Access to Childcare Fund Phase 2: Evaluation Report

From: Scottish Government
Published: Fri Oct 06 2023

It aimed to assess the extent to which the Fund's projects contributed to expected outcomes for parents and children, and to synthesise learning and produce recommendations to inform the design of a system of school age childcare for Scotland.


About the Access to Childcare Fund

The Access to Childcare Fund (referred to as ACF or the Fund) was established by the Scottish Government in July 2020 to run and test new models of School Age Childcare (SACC) and ran until February 2023. The Fund was managed by Children in Scotland and an expert advisory group. SACC is care provided to primary school-aged children outside of normal school hours. It includes both regulated childcare and organised children's activities (such as sports clubs) provided by individuals or groups other than schools, and not registered by the Care Inspectorate. The £3 million Fund formed part of the Scottish Government's ambition to build a system of SACC by the end of this Parliament.

This ambition sits within the Scottish Government's wider commitment to tackling child poverty. SACC can contribute to this aim by enabling parents/carers (from hereon in referred to as ‘parents' for brevity) to secure employment or take on further work and/or training, among other benefits for parents and children. The aim of the Fund was to make SACC more accessible, affordable and flexible for parents from low-income families or those at risk of experiencing child poverty (as identified in the Tackling Child Poverty Delivery Plan. The target groups were: lone parent families; families with a disabled adult or child; larger families (three or more children); minority ethnic families; families with a child under one year old; and families where the mother is under 25 years of age.

The first phase of the Fund enabled 15 organisations to run SACC projects. During the second phase of the Fund (April 2022 to February 2023), the focus of this evaluation, eight of the 15 organisations had their funding continued. Two further projects (The Scottish Childminding Association and Ayr United Football Academy) received funding as part of the second phase and were managed by the Scottish Government. The ten organisations funded in the second phase were: Ayr United Football Academy (AUFA); Clyde Gateway; Hame Fae Hame; Indigo; The Scottish Childminding Association (SCMA); Support, Help and Integration in Perthshire (SHIP); St Mirin's Out of School Care (OSC); Stepping Stones for Families; SupERkids; and The Wee Childcare Company.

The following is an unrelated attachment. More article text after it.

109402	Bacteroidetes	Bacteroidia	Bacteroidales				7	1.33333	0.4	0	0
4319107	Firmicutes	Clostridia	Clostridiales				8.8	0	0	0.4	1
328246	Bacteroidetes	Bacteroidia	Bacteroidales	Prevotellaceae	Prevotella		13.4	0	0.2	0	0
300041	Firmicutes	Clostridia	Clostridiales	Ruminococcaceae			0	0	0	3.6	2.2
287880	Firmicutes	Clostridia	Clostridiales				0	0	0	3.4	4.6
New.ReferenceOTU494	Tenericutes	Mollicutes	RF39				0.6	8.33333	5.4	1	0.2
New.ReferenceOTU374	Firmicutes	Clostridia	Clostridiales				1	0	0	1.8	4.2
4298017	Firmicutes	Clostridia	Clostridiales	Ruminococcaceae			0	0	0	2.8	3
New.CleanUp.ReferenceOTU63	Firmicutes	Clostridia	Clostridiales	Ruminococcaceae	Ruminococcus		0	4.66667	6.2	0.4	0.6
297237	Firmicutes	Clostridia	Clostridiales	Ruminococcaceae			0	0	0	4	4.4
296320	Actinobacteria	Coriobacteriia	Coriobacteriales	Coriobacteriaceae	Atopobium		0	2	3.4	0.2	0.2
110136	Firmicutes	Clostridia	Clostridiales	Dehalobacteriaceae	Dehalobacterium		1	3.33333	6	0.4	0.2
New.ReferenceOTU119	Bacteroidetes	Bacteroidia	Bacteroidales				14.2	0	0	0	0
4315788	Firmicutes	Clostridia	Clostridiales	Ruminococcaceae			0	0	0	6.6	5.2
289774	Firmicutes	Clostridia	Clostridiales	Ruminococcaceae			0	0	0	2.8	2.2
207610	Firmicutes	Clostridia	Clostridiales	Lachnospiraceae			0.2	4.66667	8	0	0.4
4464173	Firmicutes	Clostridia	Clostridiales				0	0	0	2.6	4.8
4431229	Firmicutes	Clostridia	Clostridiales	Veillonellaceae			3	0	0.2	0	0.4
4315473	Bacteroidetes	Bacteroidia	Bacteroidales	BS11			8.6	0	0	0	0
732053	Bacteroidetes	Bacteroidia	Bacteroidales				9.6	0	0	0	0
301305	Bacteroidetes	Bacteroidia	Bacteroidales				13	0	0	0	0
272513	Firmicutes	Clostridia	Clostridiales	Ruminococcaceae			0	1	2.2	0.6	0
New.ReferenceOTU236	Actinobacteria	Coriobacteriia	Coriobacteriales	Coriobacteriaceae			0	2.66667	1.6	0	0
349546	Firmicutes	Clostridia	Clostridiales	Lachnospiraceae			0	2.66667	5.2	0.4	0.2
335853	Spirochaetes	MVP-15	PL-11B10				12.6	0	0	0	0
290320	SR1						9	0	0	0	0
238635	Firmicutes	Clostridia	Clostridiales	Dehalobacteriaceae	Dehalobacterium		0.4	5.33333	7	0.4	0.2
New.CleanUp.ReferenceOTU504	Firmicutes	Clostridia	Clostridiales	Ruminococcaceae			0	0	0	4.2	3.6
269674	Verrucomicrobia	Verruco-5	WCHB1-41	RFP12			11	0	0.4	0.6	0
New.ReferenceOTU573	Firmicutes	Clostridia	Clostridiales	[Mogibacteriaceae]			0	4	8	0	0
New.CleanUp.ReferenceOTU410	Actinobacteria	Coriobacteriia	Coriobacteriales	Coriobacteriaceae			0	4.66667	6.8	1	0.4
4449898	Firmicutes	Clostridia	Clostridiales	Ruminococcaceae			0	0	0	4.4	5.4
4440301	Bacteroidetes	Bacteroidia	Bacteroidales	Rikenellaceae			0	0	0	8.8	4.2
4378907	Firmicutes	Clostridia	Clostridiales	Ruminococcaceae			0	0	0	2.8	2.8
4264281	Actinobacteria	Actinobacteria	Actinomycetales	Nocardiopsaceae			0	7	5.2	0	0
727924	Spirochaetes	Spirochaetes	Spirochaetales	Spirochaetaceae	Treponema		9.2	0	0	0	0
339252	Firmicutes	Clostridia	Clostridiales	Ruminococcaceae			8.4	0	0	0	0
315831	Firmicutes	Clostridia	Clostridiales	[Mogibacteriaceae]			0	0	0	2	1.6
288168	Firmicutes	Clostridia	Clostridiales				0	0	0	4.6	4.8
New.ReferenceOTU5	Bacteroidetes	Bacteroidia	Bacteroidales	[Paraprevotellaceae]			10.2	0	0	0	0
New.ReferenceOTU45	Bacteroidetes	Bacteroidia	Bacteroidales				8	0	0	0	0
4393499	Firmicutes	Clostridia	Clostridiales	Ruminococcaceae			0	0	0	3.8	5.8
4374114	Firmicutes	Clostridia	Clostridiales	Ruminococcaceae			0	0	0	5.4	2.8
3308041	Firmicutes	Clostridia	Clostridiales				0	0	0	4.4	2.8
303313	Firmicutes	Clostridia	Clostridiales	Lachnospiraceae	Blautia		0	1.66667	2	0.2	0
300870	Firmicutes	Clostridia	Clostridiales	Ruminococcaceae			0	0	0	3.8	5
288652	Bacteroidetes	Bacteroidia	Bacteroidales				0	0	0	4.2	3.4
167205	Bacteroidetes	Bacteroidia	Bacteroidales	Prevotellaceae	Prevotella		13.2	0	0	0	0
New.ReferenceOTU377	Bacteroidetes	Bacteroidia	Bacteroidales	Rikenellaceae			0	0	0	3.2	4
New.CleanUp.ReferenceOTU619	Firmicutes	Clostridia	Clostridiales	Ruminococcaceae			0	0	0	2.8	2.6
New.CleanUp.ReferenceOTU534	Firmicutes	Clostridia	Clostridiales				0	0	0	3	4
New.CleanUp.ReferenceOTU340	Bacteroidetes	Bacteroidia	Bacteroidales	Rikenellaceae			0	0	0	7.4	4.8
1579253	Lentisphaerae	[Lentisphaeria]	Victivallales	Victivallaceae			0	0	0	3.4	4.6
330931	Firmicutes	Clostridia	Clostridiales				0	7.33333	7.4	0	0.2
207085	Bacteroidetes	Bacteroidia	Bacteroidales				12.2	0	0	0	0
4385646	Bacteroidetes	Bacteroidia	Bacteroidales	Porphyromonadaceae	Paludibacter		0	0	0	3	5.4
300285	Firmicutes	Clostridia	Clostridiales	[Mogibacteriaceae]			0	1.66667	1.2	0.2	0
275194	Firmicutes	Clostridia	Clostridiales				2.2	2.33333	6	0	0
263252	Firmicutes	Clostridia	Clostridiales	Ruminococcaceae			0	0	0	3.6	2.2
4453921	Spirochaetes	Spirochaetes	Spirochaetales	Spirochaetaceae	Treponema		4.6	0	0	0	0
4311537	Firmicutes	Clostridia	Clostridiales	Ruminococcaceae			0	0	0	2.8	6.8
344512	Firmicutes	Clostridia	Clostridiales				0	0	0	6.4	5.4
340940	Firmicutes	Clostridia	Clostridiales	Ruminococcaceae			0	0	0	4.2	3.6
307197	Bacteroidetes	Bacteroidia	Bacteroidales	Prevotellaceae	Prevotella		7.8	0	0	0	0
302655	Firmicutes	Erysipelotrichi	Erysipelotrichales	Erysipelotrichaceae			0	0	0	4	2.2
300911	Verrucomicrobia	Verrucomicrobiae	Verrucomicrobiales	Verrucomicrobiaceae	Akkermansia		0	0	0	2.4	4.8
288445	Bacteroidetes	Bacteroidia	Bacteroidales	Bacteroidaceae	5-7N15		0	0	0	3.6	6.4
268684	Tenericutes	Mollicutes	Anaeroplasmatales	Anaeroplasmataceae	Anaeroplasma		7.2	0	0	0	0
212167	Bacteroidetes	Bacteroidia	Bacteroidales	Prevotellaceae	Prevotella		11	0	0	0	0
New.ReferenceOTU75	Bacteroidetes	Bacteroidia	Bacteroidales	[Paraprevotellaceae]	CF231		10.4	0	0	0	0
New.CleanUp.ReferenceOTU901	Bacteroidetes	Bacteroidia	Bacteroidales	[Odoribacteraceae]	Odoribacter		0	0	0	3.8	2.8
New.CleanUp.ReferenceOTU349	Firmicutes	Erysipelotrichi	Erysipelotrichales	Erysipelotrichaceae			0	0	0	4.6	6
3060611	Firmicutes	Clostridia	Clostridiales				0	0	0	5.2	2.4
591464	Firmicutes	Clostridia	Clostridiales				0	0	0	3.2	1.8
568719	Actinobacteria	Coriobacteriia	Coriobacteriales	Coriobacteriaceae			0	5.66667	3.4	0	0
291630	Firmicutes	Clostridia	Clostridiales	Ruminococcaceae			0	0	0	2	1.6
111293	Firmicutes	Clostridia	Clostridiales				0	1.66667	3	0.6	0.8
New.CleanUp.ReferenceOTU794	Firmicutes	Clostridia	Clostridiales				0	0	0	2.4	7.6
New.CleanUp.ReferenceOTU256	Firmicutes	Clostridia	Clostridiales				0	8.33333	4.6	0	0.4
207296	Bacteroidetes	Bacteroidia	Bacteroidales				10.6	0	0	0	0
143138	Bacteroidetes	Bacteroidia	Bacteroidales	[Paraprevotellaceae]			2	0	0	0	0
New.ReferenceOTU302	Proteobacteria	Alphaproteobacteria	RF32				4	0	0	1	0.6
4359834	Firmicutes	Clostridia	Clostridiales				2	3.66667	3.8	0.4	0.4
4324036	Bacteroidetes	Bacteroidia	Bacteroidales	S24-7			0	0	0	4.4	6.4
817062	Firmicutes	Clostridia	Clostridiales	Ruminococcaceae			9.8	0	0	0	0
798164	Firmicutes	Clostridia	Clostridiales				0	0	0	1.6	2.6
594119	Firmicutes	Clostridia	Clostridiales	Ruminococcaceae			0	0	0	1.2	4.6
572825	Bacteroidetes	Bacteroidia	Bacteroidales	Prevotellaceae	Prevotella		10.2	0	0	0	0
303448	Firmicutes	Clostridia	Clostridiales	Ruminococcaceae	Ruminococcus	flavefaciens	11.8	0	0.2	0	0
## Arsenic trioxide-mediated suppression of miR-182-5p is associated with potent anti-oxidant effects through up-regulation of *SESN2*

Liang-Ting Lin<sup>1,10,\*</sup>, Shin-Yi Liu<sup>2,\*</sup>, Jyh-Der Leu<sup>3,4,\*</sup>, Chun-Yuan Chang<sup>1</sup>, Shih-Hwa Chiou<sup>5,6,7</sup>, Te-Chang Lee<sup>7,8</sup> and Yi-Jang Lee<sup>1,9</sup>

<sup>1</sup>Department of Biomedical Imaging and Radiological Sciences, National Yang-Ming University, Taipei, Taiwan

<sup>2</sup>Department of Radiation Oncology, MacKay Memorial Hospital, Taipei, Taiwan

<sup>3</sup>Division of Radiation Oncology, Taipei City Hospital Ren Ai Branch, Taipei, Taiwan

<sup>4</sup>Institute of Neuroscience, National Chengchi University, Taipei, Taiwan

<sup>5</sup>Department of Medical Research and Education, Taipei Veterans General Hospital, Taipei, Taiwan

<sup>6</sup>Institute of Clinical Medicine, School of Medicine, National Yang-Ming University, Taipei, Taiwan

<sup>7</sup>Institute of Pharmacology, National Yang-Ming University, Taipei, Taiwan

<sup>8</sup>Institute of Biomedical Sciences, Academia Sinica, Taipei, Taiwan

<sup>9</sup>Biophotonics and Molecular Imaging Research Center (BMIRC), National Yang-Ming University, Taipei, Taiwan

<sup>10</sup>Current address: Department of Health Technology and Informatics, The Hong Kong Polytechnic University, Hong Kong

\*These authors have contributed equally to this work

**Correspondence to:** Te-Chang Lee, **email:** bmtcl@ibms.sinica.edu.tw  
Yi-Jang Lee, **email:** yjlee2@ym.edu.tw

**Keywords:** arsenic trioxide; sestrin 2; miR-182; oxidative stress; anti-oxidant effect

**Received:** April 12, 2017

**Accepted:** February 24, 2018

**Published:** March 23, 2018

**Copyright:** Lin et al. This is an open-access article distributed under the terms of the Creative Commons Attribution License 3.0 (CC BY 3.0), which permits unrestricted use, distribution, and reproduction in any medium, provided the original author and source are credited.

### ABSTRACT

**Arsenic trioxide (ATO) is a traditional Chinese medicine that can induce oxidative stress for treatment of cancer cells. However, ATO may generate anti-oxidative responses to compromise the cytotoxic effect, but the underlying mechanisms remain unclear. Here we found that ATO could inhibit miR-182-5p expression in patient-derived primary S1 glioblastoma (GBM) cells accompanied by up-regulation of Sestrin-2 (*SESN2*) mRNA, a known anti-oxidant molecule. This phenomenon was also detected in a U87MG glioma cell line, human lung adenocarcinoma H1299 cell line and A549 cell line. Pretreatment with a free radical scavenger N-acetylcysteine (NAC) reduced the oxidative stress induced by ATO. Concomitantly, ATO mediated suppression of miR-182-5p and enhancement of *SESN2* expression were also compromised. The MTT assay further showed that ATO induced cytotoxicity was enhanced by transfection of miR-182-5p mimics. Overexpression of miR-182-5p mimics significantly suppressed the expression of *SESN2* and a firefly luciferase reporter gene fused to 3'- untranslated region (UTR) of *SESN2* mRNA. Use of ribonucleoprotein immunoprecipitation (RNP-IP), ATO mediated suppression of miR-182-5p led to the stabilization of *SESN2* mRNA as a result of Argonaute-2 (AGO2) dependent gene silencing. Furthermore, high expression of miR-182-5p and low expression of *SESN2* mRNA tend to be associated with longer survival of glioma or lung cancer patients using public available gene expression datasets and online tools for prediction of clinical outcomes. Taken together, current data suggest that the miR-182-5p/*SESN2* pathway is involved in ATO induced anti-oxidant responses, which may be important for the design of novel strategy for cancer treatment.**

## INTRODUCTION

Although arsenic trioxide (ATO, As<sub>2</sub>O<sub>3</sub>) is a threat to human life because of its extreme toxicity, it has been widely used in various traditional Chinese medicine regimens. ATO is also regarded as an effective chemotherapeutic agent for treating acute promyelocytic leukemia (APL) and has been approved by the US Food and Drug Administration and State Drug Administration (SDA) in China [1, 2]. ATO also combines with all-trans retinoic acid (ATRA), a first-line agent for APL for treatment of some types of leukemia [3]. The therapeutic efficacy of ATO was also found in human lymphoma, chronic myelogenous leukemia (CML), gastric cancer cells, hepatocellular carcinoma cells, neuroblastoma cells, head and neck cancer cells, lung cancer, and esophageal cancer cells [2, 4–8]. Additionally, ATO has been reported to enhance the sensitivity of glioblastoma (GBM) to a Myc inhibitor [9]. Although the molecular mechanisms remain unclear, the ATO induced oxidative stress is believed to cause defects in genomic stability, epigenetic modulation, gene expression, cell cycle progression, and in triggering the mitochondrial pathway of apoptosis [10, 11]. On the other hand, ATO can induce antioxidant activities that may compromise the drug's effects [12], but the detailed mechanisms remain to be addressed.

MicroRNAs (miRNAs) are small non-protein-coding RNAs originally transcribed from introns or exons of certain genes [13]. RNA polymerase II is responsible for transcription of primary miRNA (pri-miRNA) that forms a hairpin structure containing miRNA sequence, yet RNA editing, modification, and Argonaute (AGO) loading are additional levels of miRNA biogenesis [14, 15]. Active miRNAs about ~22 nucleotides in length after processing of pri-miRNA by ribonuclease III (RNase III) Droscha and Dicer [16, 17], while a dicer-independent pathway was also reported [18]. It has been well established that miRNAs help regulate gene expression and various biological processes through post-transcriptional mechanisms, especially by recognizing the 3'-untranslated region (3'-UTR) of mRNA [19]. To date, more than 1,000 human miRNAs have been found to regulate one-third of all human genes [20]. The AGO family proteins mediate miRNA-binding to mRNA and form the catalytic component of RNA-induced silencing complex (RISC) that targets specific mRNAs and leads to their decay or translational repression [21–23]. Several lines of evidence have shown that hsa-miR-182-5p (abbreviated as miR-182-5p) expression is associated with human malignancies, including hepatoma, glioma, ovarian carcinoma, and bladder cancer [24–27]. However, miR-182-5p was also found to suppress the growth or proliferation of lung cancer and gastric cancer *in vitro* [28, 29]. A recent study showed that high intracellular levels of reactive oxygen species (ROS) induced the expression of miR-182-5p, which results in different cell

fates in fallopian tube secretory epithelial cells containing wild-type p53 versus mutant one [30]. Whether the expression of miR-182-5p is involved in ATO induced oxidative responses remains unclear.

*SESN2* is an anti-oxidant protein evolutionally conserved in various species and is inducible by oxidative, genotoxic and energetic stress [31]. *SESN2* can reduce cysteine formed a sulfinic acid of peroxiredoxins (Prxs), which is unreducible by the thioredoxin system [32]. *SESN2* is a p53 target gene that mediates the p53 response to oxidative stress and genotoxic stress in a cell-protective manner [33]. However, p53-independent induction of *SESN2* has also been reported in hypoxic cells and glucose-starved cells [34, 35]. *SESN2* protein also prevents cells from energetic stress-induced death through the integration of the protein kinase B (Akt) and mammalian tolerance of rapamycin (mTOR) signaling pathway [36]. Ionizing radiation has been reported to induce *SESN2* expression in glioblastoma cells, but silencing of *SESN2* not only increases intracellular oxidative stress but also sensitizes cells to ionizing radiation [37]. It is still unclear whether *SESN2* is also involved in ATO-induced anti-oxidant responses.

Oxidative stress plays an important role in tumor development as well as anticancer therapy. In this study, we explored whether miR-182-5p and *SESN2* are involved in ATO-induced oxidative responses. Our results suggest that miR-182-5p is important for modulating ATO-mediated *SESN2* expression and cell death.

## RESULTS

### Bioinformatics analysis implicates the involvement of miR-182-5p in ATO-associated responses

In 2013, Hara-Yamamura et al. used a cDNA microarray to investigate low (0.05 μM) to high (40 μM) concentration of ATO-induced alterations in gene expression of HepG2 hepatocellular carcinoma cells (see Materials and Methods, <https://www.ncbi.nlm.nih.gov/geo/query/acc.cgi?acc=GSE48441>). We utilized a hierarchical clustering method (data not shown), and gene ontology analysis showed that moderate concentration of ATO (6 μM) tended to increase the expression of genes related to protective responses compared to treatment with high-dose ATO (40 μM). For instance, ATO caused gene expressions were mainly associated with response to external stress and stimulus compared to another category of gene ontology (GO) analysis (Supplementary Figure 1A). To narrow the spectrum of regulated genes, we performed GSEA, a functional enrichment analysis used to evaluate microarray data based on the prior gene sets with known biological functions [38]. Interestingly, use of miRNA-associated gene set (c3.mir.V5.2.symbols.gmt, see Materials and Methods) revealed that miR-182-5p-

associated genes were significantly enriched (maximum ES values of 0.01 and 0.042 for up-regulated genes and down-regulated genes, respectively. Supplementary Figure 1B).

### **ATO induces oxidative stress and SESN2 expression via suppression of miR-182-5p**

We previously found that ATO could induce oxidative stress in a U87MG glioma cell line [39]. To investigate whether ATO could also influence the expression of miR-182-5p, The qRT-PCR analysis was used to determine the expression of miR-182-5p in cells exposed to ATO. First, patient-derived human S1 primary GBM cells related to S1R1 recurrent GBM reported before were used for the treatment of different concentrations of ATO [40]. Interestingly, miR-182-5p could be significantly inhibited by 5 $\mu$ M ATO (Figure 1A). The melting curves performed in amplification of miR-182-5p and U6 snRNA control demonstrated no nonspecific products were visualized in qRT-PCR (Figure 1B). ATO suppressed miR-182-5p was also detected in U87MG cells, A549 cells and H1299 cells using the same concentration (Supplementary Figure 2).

Evaluation aims and questions

The Scottish Government commissioned Ipsos to evaluate the second phase of the Fund. There were two main aims of the evaluation:

  • To assess the extent to which the projects contributed to the expected outcomes for the Fund:
    • improving parents' employment, health and wellbeing
    • reducing family costs and increasing family income, and
    • improving children's health, wellbeing and relationships
  • To synthesise learning from the projects and produce recommendations to inform the design of a system of school age childcare for Scotland.

The evaluation covered both process and outcomes, including consideration of how processes of setting up and implementing SACC models supported the outcomes achieved. (See Appendix One for more detailed objectives.)

More specifically, the evaluation aimed to answer the following research questions:

  1. How have the Access to Child Fund projects been delivered in practice?
  2. What has the impact of the projects been for parents, children, and families as a whole (especially those in the target groups)?
  3. What are the key lessons from delivery of the projects for a future system of school age childcare across Scotland?

This evaluation follows on from the evaluation of the first phase of the Fund which was carried out by Children in Scotland. The evaluation of Phase 1 focused on initial processes and early indications of outcomes and found that, although the projects were constrained in their operation by the COVID-19 pandemic and other challenges, they delivered a number of benefits. These included positive impacts on health and wellbeing for families, parental employment opportunities, family finances and partnership working. This evaluation aims to build on these findings by exploring how positive outcomes like these have been achieved, and which processes and approaches work well (or less well) for delivering accessible SACC.

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Company: Scottish Government

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